Šuplje, okruglo telo, naročito vazdušni balon napunjen gasom lakšim od vazduha (aerostat); okrugla, bokasta boca za tečnosti; geogr. ćuvik, glavica; med. bešika od gume ili svile, protkane gumom, za olakšanje vršenja porođaja; balon d'ese, mala vazdušna lopta za ispitivanje pravca vetra; fig. novinski članak koji se objavljuje da bi se opipalo raspoloženje i mišljenje javnosti; balon kaptif, vezani balon, kojim se može popeti samo do izvesne visine i spustiti na mesto polaska.
Any air-borne craft, such as a hot-air balloon, that relies on the wind for propulsion.
Any lighter-than air craft; balloon
ETYM French ballon, aug. of balle ball: cf. Italian ballone. Related to Ball, Pallone.
Lighter-than-air craft that consists of a gasbag filled with gas lighter than the surrounding air and an attached basket, or gondola, for carrying passengers and/or instruments. In 1783, the first successful human ascent was in Paris, in a hot-air balloon designed by the Montgolfier brothers Joseph Michel and Jacques Etienne. In 1785, a hydrogen-filled balloon designed by French physicist Jacques Charles traveled across the English Channel.
Coal gas was substituted as a cheap alternative to hydrogen in 1821, and this allowed for voyages by later 19th-century and early 20th-century explorers, scientists, and fairground performers. By the 1920s and 1930s balloons were used for high-altitude scientific research, especially before the development of high-altitude aircraft and Earth-orbiting satellites; for other kinds of research and exploration they were found to be generally unreliable, since they cannot be guided but go where the wind blows. They have become popular for sport and continue in use as instrument-only observers for meteorology, and for monitoring infrared, ultraviolet, and gamma rays.
1. Large tough non-rigid bag filled with gas or hot air.
2. Small thin inflatable rubber bag with narrow neck.
ETYM French dame-jeanne, i.e., Lady Jane, a corruption of Arabic damajâna, damjâna, prob. from Damaghan a town in the Persian province of Khorassan, once famous for its glass works.
Large; short narrow neck; often has small handles at neck and is enclosed in wickerwork.
Large bottle having a wicker case, demi-john.
ETYM Old Eng. shelle, schelle, as. scell, scyll; akin to Dutch shel, Icel. skel, Goth. skalja a tile, and Eng. skill. Related to Scale of fishes, Shale, Skill.
1. A rigid covering that envelops an object.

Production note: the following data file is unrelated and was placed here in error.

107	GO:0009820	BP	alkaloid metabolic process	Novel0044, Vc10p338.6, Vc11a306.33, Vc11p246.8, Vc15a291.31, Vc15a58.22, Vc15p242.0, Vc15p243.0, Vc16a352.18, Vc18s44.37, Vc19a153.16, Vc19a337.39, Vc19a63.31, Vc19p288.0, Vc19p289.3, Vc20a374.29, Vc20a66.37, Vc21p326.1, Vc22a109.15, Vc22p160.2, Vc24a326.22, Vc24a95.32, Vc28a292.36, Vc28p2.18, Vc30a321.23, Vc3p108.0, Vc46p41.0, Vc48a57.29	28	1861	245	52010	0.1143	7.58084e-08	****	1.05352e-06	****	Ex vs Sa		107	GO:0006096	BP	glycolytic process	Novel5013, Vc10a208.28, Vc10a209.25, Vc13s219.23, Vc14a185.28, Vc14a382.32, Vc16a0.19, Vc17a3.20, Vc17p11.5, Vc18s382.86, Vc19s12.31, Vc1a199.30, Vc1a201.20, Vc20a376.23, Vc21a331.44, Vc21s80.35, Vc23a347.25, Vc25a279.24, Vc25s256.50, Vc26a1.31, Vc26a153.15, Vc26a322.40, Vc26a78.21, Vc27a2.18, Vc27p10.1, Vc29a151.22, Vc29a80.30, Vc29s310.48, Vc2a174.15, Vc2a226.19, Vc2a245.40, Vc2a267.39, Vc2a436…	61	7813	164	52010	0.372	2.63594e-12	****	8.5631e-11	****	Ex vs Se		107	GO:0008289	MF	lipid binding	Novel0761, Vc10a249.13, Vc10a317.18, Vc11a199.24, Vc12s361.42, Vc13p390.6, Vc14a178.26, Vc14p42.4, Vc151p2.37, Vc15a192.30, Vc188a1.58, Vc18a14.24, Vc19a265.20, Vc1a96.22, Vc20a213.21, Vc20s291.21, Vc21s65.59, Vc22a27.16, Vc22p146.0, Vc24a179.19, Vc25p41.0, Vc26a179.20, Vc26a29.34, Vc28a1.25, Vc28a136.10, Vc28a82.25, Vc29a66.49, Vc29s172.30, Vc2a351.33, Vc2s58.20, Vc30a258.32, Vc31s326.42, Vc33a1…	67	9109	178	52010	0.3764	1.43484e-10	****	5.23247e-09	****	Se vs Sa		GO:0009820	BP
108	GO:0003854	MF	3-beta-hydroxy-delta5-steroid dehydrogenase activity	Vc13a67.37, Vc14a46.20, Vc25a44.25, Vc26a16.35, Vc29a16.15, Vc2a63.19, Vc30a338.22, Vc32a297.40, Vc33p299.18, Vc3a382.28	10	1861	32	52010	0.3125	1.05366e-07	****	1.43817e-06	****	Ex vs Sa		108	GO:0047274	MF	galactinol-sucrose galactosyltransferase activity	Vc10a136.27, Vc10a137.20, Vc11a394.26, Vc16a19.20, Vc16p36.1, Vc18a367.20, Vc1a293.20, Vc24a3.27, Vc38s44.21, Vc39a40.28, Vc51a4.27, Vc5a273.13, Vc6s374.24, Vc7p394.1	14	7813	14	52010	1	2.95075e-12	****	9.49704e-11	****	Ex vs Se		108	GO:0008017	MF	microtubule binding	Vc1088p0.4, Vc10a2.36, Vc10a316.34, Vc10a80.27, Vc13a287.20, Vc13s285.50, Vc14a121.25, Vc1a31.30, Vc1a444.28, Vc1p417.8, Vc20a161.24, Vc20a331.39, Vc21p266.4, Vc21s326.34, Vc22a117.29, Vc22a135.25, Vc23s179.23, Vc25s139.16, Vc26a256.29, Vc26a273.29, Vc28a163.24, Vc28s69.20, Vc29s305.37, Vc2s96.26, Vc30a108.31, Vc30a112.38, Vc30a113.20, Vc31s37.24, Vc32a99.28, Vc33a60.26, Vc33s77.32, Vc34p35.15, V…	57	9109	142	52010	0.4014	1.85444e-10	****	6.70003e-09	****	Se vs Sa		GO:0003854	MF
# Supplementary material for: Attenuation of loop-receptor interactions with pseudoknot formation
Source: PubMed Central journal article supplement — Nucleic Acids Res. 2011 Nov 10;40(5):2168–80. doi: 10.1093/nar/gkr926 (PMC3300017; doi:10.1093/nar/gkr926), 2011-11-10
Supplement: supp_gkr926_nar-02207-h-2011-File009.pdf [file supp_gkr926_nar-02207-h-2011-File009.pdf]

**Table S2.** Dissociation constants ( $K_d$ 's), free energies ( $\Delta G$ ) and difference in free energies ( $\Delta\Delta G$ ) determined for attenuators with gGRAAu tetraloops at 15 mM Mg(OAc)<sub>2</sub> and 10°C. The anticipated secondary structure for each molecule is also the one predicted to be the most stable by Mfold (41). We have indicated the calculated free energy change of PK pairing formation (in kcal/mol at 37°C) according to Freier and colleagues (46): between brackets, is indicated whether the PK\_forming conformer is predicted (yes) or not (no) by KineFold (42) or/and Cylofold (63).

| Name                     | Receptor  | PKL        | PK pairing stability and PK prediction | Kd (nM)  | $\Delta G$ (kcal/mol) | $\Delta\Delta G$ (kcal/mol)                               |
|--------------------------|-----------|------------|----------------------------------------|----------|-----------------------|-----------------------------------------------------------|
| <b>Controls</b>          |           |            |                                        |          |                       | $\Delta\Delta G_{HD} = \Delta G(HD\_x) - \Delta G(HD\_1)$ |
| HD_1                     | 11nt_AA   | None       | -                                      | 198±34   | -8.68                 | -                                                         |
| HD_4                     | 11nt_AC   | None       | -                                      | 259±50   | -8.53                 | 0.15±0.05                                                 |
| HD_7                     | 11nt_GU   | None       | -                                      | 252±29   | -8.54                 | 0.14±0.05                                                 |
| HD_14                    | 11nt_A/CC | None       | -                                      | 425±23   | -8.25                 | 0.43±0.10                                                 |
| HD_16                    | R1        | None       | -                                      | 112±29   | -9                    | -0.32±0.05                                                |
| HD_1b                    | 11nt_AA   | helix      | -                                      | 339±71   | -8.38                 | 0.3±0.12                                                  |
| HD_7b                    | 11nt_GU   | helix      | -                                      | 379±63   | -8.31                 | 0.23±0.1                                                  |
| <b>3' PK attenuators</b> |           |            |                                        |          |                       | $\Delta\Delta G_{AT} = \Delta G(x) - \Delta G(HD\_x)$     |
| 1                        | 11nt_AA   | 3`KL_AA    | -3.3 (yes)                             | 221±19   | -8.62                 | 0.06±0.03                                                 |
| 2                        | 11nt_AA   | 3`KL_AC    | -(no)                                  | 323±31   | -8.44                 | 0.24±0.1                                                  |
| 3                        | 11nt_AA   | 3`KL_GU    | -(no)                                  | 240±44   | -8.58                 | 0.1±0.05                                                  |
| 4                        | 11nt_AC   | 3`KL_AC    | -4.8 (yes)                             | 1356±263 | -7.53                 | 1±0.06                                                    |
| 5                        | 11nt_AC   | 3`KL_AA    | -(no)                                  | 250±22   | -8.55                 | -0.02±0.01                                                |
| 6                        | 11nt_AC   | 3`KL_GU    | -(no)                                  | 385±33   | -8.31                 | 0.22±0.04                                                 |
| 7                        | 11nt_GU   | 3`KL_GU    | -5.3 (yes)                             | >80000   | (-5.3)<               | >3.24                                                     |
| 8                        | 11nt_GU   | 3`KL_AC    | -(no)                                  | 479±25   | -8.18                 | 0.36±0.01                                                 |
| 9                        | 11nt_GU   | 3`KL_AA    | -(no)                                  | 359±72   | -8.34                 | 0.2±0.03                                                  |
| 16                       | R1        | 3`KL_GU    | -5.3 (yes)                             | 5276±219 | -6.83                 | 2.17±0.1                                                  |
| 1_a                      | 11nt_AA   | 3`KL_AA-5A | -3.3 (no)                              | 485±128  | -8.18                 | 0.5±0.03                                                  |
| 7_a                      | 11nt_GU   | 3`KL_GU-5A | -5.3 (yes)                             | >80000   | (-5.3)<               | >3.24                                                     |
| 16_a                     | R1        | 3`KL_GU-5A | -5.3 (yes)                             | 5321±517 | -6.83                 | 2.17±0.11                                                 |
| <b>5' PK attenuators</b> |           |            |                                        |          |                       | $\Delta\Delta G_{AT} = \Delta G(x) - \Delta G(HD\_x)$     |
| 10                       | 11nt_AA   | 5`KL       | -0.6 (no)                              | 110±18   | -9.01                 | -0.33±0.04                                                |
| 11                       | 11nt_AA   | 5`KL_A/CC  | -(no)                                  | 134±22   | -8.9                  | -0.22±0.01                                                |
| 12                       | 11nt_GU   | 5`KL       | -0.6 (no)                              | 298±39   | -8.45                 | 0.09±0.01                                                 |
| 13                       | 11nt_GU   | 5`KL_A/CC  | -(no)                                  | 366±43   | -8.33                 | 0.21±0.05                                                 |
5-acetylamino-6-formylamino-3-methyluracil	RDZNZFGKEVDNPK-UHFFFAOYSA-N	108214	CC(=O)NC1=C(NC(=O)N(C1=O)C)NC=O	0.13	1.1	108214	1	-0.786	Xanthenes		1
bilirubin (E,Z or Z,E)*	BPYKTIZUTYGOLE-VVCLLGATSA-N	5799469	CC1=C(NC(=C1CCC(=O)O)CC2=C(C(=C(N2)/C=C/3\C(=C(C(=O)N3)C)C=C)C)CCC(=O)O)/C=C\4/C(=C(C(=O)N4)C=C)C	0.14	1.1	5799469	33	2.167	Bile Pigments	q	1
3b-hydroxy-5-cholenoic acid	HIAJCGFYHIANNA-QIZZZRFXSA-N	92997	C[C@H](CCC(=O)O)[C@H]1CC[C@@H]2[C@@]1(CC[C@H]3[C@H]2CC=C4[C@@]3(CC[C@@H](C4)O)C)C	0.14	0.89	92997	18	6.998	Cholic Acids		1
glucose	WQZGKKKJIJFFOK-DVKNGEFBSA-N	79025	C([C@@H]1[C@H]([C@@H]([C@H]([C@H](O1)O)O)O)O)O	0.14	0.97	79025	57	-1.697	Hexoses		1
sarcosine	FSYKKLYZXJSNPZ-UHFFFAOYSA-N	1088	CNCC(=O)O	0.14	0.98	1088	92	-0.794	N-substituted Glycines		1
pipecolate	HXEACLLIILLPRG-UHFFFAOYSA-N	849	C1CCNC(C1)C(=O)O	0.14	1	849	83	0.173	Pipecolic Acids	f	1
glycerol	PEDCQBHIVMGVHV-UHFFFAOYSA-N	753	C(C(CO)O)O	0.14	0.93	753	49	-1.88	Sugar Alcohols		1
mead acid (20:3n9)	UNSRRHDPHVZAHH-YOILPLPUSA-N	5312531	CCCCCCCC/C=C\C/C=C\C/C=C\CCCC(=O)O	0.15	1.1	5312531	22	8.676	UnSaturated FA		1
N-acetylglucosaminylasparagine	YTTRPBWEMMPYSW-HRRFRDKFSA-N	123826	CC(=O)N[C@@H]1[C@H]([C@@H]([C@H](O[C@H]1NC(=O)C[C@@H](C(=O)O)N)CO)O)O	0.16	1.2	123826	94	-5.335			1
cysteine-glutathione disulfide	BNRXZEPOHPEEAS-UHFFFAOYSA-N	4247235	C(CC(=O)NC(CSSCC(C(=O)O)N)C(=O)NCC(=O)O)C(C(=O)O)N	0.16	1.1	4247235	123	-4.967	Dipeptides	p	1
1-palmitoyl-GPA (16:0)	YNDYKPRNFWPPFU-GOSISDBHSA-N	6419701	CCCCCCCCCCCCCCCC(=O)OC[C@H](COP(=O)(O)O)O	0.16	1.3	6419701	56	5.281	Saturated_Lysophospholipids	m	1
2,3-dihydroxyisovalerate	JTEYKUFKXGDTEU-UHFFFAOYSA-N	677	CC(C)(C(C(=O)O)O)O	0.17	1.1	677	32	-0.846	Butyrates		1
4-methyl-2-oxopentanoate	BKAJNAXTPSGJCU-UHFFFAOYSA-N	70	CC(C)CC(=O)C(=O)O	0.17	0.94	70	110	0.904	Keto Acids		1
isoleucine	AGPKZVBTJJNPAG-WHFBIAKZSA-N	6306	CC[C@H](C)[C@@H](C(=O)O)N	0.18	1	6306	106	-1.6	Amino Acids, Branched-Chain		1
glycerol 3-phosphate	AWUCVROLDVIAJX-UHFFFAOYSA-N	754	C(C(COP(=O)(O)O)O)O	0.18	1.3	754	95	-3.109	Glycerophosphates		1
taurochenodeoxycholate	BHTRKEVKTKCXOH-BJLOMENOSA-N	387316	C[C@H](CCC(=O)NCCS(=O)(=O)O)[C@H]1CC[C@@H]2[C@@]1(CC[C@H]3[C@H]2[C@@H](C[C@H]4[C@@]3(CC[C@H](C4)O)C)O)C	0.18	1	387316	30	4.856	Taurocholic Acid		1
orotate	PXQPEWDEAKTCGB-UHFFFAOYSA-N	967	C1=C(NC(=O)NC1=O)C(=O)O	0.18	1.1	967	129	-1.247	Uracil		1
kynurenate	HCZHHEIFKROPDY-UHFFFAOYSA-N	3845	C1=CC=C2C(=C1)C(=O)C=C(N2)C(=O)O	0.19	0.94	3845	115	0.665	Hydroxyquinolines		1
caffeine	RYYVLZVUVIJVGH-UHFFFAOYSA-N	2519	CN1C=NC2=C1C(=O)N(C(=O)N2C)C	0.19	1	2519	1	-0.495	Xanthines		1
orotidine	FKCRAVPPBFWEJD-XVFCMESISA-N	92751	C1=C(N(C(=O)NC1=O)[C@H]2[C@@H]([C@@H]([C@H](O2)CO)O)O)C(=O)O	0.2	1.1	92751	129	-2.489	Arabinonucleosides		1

2. The exterior covering of a bird's egg; SYN. eggshell.
3. The hard usually fibrous outer layer of some fruits especially nuts.
4. The outer covering or housing of something; SYN. case, casing.
5. A very light narrow racing boat; SYN. racing shell.
The hard outer covering of a wide variety of invertebrates. The covering is usually mineralized, normally with large amounts of calcium. The shell of birds' eggs is also largely made of calcium.
Trade name of the Anglo-Dutch oil-development and exploration concern Royal Dutch/Shell Group, one of the world's biggest companies, formed 1907.
Shell is the world's largest oil and gas producer, with the largest oil reserves, and is responsible for 5% of the world's oil and gas production. It has 2,000 operating companies worldwide. It is also the world's largest retailer, with (1994) 40,000 gasoline stations in 100 countries. Its sales turnover in 1992 amounted to more than the gross national product of any country except the 23 richest.
The company abandoned plans to dump a disused oil-storage platform in the north Atlantic Ocean June 1995 in the face of widespread protests spearheaded by the environmentalist group Greenpeace.
The business originated in the early 19th century with a curio shop in E London that sold shell ornaments; by 1830 the dealer, Marcus Samuel, had built up an international trade in copra and oriental artifacts. From 1897 the company dealt in oil and kerosene (paraffin oil) and was consolidated as the Shell Transport and Trading Company, amalgamating with the Royal Dutch Petroleum Company 1907.